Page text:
Denver, Colorado – According to an updated autopsy report made public on Friday, a Black man who died following a police contact in a Denver suburb in 2019 died because he was injected with a potent sedative after being forcibly detained.
Despite the conclusion, the method of massage therapist Elijah McClain’s death remains undetermined, according to the study. After being detained for “being suspicious” by police in Aurora, McClain was placed in a neck hold and injected with ketamine. He had no weapons.
The initial autopsy report that was written shortly after his death in August 2019 did not conclude how he died or what form of death he suffered, such as natural, accidental, or homicidal. This was a crucial factor in the initial decision by prosecutors not to seek charges.
However, a state grand jury charged three cops and two paramedics for manslaughter and reckless murder in McClain’s death after the killing of George Floyd in 2020 rekindled interest in the case. During the national reckoning over racism and police brutality, it became a rallying cry.
McClain was administered with ketamine, a sedative, while being physically detained and restrained by law police and emergency personnel, according to an unidentified pathologist whose findings were included in the indictment.
The five defendants have not yet entered pleas, and their attorneys have made no public statements regarding the charges.
The new autopsy was disclosed on Friday as a result of a court order in a lawsuit filed by Colorado Public Radio and other media outlets, including The Associated Press. After learning that the report had been amended, Colorado Public Radio sued the coroner to release it, alleging that it should be made available under the state’s public records legislation.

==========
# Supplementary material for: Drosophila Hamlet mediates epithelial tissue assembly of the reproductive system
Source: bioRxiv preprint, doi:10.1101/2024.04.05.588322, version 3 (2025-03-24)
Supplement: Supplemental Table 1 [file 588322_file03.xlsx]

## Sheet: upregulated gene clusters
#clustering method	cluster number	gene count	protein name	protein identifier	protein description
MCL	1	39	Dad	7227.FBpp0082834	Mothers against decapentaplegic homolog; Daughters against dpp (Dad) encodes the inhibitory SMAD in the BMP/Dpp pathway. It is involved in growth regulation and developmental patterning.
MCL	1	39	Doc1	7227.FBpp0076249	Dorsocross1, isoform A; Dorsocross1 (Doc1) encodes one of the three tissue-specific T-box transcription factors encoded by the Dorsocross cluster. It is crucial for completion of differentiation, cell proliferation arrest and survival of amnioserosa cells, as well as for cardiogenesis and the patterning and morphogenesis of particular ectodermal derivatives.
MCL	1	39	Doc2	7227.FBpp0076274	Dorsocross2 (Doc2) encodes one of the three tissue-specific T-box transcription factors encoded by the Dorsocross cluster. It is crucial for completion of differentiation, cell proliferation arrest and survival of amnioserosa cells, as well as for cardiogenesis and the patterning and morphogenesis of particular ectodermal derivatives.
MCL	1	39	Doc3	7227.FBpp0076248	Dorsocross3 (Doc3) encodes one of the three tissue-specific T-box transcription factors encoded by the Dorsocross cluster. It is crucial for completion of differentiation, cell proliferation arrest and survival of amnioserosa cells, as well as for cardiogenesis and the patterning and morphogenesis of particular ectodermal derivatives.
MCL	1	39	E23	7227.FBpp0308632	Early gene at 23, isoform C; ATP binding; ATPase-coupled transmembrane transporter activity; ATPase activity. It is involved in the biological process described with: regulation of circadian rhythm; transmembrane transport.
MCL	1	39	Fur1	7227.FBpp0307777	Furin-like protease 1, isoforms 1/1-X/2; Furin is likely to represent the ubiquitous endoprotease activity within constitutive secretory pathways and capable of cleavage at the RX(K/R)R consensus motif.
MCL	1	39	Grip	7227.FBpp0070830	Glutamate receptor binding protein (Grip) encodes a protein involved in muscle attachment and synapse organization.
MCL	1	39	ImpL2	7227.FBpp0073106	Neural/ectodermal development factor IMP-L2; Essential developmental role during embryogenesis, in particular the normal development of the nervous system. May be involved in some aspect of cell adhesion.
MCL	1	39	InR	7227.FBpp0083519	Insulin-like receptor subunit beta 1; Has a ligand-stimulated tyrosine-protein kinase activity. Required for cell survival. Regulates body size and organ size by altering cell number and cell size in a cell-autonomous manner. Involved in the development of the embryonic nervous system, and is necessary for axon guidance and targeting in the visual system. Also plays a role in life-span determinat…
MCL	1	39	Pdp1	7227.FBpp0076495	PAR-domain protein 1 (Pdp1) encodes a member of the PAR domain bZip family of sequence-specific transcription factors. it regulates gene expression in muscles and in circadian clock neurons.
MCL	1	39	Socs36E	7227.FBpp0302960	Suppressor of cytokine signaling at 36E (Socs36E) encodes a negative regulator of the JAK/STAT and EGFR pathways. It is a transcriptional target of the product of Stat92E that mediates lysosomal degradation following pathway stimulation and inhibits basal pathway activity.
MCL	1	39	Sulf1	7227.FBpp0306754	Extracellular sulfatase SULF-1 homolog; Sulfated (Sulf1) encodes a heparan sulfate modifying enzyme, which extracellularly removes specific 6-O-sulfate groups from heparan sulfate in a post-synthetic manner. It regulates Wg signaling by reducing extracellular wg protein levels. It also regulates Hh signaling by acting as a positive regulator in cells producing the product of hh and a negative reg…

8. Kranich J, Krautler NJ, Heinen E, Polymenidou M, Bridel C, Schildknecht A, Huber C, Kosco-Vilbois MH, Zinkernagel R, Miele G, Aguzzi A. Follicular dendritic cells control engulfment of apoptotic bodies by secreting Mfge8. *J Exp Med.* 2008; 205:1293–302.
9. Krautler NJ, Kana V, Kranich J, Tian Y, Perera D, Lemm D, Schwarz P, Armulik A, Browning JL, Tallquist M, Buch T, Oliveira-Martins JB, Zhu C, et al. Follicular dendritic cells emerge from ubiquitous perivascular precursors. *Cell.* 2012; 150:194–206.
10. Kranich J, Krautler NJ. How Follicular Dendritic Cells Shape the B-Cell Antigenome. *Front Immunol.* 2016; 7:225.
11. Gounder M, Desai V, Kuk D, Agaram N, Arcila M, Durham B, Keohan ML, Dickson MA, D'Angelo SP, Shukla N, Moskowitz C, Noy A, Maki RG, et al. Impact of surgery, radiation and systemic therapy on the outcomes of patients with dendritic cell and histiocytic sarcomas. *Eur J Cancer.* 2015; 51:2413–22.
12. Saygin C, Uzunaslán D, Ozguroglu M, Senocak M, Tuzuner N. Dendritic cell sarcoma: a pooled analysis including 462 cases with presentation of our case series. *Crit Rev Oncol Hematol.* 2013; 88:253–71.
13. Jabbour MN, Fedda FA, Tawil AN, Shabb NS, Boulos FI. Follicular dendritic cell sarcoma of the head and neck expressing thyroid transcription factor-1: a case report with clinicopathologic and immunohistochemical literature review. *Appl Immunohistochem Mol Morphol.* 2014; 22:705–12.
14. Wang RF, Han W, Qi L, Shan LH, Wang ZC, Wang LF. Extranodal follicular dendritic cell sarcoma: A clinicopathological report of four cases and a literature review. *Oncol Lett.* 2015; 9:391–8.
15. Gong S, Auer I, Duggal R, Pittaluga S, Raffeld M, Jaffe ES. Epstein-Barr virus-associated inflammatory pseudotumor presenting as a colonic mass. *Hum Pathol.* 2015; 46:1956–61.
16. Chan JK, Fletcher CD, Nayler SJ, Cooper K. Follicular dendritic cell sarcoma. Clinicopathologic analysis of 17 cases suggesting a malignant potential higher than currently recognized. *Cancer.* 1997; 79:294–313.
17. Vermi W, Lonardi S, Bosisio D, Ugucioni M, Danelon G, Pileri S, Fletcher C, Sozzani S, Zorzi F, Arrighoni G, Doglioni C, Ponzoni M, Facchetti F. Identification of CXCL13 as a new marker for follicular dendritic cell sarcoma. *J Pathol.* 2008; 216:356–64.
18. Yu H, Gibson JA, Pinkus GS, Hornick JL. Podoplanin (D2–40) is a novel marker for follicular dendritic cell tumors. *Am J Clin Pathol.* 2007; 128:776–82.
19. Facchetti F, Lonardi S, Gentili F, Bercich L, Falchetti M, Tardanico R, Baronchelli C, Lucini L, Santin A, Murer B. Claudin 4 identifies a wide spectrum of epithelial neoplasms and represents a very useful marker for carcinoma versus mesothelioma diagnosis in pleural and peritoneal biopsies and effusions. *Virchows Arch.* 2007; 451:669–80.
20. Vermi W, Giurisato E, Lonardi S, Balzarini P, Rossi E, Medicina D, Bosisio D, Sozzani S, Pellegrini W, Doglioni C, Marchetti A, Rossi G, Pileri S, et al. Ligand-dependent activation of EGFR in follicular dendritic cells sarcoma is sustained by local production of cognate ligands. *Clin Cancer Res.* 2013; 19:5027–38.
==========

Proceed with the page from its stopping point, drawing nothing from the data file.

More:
Coroner Monica Broncucia-Jordan stated that she could not release it because it contained classified grand jury information and because doing so would be a violation of the oath she swore last year not to reveal it.
A Denver judge who handles state grand jury procedures, Christopher Baumann, decided Thursday that grand jury information did not need to be concealed from the amended report.
The death of McClain rekindled interest in the usage of ketamine and prompted Colorado’s health department to publish a new rule restricting its use by emergency personnel.
Last year, the city of Aurora settled a lawsuit brought by McClain’s parents for $15 million. The lawsuit claimed that the force officers used against McClain and his effort to endure it significantly raised the quantity of lactic acid in his system, possibly contributing to his death combined with the enormous dose of ketamine he was administered.
The police inquiry after McClain’s arrest was criticized by an outside review commissioned by the city for not pressing for information about how officers treated McClain. It was determined that there was no evidence to support the police’ decision to stop McClain, who had been flagged as suspicious because he was wearing a ski mask and waiving his hands as he walked down the street. He was not charged with violating any laws.
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